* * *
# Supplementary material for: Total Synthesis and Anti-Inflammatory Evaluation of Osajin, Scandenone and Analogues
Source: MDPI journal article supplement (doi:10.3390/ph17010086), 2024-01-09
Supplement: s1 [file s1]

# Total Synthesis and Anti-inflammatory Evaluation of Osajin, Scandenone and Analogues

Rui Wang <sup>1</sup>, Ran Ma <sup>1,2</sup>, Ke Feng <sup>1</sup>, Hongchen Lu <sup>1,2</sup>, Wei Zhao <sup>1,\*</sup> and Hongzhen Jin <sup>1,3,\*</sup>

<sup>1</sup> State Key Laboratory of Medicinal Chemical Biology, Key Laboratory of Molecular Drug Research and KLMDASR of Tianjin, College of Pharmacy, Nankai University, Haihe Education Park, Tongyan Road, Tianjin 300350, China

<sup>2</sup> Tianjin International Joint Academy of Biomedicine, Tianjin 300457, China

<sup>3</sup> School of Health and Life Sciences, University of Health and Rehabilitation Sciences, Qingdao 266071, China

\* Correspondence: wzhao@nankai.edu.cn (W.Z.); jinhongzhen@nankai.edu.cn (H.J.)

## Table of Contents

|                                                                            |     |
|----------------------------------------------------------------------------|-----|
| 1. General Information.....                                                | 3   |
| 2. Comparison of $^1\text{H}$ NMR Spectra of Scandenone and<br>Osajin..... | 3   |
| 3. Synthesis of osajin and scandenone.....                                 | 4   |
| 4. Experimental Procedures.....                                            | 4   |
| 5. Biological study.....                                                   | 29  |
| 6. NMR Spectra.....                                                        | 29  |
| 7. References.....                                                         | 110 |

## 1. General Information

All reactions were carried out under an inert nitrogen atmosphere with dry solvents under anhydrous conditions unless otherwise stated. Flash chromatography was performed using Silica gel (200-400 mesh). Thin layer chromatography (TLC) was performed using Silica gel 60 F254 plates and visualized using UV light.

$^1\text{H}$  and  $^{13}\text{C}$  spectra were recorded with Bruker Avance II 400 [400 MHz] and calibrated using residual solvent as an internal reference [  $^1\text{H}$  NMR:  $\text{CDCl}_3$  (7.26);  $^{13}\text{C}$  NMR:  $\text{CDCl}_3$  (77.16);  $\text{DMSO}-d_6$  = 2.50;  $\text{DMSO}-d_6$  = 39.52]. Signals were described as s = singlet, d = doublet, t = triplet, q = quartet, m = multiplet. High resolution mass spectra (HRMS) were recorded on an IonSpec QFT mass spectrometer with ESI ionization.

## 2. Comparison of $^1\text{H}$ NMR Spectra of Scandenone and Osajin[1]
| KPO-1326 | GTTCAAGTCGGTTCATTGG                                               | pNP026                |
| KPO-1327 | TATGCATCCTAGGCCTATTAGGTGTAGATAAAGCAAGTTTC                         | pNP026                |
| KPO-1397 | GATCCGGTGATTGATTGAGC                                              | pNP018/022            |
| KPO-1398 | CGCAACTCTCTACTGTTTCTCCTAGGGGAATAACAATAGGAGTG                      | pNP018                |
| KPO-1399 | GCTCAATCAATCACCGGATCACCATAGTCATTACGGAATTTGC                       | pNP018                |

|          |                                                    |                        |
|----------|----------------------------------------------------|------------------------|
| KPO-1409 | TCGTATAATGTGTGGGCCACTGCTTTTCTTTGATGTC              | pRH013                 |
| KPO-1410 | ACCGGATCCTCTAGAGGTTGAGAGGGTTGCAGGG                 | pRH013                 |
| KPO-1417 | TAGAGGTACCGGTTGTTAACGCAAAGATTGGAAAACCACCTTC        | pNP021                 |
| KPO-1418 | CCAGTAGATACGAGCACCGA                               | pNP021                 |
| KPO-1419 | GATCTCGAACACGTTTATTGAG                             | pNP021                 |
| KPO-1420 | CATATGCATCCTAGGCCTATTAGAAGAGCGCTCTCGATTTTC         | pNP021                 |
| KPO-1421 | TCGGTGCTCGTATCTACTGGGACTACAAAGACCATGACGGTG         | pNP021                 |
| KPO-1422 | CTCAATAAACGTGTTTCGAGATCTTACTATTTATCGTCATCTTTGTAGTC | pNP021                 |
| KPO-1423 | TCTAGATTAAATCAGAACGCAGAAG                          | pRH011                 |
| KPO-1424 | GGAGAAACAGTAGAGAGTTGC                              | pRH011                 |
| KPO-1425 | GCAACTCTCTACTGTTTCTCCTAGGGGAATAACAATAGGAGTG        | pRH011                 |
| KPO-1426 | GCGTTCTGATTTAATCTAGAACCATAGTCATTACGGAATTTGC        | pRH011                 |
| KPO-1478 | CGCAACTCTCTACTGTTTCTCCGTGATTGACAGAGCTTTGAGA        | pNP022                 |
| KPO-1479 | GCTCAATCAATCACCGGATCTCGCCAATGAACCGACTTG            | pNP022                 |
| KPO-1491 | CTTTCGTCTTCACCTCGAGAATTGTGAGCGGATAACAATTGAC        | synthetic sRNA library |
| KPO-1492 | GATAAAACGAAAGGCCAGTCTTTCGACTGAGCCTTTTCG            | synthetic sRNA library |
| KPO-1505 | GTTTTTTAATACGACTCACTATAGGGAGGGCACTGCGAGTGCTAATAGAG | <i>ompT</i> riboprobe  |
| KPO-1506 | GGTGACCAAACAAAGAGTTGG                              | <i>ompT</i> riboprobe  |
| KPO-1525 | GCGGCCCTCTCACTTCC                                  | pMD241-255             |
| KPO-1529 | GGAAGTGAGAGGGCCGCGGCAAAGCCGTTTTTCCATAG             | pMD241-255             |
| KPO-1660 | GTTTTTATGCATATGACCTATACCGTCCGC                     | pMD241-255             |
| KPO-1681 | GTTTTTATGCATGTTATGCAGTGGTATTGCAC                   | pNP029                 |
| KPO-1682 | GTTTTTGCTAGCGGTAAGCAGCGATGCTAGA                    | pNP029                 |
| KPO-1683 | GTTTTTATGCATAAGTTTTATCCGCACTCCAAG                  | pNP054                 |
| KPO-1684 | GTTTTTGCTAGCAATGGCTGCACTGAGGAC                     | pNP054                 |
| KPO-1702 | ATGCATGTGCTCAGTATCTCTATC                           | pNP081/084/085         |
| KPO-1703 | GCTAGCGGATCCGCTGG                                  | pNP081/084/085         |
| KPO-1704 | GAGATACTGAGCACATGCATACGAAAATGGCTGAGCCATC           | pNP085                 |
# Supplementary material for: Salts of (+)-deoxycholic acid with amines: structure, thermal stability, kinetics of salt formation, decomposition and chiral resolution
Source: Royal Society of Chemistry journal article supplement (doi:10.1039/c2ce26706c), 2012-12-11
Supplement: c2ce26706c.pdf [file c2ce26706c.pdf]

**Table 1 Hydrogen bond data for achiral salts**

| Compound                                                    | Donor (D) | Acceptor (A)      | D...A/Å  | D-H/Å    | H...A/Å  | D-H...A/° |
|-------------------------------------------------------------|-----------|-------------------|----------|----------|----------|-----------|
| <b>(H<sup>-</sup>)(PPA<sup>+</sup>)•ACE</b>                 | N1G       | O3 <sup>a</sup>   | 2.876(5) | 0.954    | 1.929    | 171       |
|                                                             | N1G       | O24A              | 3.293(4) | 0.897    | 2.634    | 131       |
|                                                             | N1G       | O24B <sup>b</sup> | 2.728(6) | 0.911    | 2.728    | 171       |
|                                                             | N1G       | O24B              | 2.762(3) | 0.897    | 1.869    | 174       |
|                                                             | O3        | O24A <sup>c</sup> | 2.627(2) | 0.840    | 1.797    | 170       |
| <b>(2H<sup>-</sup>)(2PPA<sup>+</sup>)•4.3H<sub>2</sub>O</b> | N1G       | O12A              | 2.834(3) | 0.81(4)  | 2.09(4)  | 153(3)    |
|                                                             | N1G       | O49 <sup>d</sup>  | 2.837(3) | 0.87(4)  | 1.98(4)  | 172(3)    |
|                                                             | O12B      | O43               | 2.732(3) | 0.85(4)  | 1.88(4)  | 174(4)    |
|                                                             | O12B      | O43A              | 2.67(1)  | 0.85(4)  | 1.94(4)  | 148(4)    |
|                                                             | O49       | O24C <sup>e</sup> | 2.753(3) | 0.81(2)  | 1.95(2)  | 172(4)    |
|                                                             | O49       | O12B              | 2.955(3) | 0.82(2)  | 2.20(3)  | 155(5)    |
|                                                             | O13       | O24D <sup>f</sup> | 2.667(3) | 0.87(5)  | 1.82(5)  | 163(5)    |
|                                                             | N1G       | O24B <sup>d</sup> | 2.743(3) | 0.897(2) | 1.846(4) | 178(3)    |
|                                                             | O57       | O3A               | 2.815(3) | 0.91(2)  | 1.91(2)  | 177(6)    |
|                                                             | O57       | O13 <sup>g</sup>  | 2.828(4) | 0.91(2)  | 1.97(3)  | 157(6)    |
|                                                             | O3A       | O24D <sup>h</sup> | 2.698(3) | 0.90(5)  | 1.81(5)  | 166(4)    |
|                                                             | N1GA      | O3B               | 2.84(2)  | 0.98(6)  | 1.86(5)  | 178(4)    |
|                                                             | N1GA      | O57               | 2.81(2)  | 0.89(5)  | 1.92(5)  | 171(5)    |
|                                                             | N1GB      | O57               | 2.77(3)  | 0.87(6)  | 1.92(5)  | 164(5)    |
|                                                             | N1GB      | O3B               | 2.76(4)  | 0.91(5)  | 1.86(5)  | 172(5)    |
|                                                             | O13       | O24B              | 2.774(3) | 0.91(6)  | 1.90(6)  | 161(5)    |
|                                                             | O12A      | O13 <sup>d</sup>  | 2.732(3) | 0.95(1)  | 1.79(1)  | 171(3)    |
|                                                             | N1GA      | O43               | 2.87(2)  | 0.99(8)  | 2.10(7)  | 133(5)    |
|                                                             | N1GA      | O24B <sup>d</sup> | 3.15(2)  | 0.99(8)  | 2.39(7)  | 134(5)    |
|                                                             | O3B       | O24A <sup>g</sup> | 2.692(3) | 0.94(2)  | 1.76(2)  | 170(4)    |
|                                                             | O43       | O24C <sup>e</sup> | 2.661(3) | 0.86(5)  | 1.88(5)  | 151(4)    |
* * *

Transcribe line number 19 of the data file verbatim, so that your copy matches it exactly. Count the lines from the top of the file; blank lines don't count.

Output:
| 7. References.....                                                         | 110 |